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HeadWay, Issue #107 -- Paying attention to Depression
May 30, 2013
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In this month's issue:
Pay attention to Depression
How do I lower my risk?
Say what?! Depression
Pay attention to DepressionThe news hasn't been all that encouraging for those suffering from migraine and depression. New studies are pushing more people to find solutions.
Depression and migraine are co-morbid conditions, meaning that they often go together. Although, of course, pain can get you down, the relationship is much more complex than that. There are biological links between the two conditions.
This month the journal Stroke published a study showing that depression is a significant risk factor when it comes to stroke for middle aged women (in this case 47 to 52).
Since migraine and stroke have long been linked, this study further confirms the web of conditions that tend to go together.
Also this month, the journal Neurology published a study suggesting that migraine and depression may together impact the sufferer's brain volume.
Those with migraine or depression didn't seem to have the same problem, but those with both had total brain tissue volumes about of 19.2 milliliters smaller.
Changes in the brain have, of course, been linked to both conditions before. And brain volume can both impact how well your body functions, and it is impacted by overall health. In other words, it can be improved by diet and exercise.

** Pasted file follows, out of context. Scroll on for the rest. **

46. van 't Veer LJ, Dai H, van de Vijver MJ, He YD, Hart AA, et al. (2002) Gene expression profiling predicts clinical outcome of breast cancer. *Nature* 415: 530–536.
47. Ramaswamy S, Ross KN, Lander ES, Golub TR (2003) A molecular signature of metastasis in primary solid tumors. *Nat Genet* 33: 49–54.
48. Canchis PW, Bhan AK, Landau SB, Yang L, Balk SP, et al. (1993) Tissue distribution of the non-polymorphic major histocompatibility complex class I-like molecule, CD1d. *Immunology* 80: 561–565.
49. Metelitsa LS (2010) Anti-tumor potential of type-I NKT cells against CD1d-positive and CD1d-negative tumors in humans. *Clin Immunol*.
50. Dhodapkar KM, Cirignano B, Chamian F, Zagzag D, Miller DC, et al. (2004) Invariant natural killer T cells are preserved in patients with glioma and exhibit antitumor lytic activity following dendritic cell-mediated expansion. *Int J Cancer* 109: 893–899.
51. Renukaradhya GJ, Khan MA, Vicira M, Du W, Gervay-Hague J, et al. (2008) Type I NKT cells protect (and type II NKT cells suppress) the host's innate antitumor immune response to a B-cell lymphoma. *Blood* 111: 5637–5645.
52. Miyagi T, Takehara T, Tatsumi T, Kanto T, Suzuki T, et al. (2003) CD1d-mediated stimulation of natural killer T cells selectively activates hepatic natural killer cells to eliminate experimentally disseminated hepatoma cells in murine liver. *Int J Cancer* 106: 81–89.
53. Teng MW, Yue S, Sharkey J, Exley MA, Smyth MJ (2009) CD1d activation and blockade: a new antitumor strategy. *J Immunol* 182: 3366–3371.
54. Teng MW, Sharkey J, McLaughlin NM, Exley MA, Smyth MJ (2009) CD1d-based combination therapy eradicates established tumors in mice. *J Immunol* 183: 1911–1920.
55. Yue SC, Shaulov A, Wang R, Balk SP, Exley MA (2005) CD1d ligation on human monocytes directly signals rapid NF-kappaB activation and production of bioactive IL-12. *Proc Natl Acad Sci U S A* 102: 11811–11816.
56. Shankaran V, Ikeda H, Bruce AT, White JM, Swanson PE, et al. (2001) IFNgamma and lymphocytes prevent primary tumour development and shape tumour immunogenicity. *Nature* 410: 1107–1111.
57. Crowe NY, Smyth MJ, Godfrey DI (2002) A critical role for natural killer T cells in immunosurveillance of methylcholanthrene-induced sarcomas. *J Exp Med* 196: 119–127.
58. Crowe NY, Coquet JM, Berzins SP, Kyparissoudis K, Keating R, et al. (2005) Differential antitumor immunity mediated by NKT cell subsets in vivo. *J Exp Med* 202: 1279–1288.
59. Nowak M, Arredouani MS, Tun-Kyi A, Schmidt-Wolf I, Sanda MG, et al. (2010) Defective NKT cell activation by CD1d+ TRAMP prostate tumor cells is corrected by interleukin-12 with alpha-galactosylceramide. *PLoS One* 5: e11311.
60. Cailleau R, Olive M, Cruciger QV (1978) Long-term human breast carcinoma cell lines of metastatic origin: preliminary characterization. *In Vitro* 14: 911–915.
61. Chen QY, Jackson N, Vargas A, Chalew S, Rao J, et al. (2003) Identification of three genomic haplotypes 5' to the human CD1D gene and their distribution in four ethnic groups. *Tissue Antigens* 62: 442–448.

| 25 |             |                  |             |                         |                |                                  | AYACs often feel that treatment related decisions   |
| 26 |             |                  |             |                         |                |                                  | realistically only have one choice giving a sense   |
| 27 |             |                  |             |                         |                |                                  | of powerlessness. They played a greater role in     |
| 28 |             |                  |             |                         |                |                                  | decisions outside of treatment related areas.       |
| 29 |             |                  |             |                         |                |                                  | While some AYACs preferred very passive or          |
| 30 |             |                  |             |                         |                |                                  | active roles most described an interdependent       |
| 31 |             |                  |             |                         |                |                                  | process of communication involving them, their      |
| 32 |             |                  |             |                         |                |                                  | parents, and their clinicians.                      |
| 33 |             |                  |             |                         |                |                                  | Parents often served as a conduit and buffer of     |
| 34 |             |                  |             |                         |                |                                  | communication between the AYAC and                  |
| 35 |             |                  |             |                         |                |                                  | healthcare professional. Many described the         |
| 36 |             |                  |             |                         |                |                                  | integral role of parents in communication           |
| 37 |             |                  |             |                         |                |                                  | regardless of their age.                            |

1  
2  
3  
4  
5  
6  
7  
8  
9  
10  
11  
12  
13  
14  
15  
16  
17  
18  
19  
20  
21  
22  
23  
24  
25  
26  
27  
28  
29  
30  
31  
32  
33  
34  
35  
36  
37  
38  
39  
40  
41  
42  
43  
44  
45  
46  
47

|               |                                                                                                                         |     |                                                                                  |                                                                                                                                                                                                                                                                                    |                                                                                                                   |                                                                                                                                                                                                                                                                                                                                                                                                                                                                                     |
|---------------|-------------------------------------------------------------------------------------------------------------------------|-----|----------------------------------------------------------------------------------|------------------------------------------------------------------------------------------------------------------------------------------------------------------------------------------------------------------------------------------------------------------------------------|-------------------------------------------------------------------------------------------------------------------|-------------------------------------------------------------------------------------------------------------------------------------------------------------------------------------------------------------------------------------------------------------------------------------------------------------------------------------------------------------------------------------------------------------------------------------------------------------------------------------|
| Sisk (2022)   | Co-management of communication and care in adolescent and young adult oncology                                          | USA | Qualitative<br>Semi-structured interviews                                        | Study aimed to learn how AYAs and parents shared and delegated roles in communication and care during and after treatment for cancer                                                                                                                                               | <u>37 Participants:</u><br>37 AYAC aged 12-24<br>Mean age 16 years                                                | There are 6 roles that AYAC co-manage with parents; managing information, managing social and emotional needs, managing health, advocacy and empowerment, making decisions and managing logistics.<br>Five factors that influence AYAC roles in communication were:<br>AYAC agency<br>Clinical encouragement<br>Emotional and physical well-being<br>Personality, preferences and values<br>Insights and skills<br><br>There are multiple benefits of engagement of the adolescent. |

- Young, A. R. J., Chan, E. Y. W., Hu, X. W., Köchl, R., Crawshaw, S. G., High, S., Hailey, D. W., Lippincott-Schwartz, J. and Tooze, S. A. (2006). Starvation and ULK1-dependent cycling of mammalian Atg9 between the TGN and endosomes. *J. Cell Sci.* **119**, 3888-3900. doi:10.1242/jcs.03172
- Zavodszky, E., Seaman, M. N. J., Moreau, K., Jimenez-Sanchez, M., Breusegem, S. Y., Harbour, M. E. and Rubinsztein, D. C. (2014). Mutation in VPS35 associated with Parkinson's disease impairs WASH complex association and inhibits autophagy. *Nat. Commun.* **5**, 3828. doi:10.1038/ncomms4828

Certainly none of this is good news. It points to how easily health can spiral downward, with one issue impacting another and another.
Once again, we can direct our own treatment in very important ways. If you have both migraine and depression - don't ignore either condition.
How do I lower my risk?If heart disease and stroke are concerns for those with migraine, what can we do to lower our risk?
Here are a few key things to start thinking about.
Say what?! DepressionEveryone knows what depression is! Or -- do they?
Depression in common language may include just feeling sad - a normal part of life. But the point at which depression becomes a medical illness is a matter of controversy.
Today, when depression is a medical condition, we call it clinical depression or major depression. The Mayo Clinic points out that "More than just a bout of the blues, depression isn't a weakness, nor is it something that you can simply "snap out" of. Depression is a chronic illness that usually requires long-term treatment, like diabetes or high blood pressure." Depression is usually associated with trouble sleeping, loss of energy, and problems with concentration over the long term.
Thanks for reading! Remember, if you have feedback or ideas for future issues, visit the HeadWay MailRoom. Your password is nomoache.
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